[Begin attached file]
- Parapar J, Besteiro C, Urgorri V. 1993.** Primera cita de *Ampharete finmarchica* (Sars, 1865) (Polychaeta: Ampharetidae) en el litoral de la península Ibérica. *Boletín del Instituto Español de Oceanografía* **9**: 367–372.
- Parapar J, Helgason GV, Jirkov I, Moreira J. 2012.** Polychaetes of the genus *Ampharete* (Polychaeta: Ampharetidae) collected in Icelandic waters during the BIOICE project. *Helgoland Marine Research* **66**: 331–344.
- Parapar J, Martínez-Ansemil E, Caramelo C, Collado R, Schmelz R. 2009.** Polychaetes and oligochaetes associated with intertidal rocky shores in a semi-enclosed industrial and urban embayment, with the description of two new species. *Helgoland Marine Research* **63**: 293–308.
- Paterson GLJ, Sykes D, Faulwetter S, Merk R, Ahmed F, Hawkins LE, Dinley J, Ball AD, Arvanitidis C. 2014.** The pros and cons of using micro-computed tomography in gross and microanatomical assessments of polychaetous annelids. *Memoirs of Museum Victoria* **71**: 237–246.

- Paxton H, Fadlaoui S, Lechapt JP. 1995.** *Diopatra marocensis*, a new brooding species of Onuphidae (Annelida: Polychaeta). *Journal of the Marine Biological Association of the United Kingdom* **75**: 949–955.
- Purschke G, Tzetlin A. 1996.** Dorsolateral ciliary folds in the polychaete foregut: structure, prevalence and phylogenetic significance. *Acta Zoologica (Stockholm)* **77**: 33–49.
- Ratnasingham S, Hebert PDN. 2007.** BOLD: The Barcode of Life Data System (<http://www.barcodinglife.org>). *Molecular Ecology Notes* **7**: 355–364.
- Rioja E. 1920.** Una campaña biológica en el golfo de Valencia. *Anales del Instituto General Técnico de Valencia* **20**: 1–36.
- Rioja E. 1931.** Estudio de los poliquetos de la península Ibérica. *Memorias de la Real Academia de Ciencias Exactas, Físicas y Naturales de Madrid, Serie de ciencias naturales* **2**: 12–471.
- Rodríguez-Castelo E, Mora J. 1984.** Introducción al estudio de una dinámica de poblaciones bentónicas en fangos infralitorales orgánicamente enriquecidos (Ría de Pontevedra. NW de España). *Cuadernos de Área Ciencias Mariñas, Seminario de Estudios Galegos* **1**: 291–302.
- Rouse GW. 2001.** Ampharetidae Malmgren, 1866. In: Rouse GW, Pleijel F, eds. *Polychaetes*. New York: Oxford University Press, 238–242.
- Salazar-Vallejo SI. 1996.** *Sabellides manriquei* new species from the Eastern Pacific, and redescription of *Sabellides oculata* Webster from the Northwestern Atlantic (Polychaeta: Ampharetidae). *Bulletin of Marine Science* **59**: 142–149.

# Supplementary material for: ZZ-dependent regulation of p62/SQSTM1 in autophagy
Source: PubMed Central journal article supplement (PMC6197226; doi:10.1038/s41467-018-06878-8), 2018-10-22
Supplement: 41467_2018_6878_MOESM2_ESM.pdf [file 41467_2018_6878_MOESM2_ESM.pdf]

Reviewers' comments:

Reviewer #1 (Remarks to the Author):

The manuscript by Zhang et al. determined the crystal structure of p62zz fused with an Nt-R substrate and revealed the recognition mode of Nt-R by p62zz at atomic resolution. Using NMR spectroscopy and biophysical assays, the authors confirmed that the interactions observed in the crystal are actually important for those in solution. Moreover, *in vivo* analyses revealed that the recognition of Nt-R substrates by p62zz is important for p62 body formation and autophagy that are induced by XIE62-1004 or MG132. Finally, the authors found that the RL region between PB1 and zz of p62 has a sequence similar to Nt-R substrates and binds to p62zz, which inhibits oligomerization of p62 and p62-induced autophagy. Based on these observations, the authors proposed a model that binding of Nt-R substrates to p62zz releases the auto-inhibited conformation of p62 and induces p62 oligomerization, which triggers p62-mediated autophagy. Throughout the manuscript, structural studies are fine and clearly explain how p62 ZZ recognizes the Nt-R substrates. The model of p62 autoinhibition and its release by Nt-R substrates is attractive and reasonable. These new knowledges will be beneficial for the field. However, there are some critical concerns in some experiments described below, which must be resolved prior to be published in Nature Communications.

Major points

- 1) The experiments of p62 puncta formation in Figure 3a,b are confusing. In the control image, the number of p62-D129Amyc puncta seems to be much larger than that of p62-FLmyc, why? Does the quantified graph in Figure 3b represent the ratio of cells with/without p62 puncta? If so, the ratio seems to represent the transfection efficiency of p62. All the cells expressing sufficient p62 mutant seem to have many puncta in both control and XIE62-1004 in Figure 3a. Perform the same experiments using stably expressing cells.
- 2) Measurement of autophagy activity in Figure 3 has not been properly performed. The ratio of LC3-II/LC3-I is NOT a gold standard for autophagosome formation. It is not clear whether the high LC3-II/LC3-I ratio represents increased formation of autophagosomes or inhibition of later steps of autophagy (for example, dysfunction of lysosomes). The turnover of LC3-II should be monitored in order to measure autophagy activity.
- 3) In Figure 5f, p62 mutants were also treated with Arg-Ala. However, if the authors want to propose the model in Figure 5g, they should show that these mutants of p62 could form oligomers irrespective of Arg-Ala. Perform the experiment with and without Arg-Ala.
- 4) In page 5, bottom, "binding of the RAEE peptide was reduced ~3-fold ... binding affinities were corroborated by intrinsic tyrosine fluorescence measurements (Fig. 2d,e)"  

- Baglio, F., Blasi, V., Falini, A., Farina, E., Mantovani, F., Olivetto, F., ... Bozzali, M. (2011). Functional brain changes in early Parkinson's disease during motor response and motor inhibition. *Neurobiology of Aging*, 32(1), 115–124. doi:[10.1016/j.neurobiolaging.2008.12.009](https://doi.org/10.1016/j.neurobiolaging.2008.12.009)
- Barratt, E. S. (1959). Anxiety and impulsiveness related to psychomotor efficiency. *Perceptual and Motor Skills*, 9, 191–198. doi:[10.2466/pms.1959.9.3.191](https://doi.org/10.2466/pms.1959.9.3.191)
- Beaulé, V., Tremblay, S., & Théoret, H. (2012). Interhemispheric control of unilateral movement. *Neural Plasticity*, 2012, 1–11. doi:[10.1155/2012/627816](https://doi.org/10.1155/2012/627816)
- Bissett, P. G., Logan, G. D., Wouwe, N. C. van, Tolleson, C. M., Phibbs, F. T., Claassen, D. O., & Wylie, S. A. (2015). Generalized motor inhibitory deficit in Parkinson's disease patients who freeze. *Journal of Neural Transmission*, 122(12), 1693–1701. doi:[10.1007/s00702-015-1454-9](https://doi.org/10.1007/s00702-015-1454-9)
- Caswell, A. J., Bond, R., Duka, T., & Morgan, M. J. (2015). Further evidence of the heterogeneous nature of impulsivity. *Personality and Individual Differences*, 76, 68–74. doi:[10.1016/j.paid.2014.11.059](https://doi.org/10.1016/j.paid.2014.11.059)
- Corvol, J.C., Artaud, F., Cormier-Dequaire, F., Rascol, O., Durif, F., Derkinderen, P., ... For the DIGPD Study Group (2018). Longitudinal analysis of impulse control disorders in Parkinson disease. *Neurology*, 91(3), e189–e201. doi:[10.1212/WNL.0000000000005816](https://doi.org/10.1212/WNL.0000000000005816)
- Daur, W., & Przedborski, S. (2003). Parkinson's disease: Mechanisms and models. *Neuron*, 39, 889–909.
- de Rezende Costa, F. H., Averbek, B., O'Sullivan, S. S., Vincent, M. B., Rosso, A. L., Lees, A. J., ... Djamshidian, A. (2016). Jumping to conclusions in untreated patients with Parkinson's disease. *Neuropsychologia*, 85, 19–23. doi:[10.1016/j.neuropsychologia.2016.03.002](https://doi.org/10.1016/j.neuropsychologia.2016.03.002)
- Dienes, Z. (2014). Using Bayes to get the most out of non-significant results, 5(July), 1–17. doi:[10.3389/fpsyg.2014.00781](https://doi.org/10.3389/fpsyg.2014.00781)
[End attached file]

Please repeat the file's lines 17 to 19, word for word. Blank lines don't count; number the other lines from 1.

Reviewer #1 (Remarks to the Author):

The manuscript by Zhang et al. determined the crystal structure of p62zz fused with an Nt-R substrate and revealed the recognition mode of Nt-R by p62zz at atomic resolution. Using NMR spectroscopy and biophysical assays, the authors confirmed that the interactions observed in the crystal are actually important for those in solution. Moreover, *in vivo* analyses revealed that the recognition of Nt-R substrates by p62zz is important for p62 body formation and autophagy that are induced by XIE62-1004 or MG132. Finally, the authors found that the RL region between PB1 and zz of p62 has a sequence similar to Nt-R substrates and binds to p62zz, which inhibits oligomerization of p62 and p62-induced autophagy. Based on these observations, the authors proposed a model that binding of Nt-R substrates to p62zz releases the auto-inhibited conformation of p62 and induces p62 oligomerization, which triggers p62-mediated autophagy. Throughout the manuscript, structural studies are fine and clearly explain how p62 ZZ recognizes the Nt-R substrates. The model of p62 autoinhibition and its release by Nt-R substrates is attractive and reasonable. These new knowledges will be beneficial for the field. However, there are some critical concerns in some experiments described below, which must be resolved prior to be published in Nature Communications.

Major points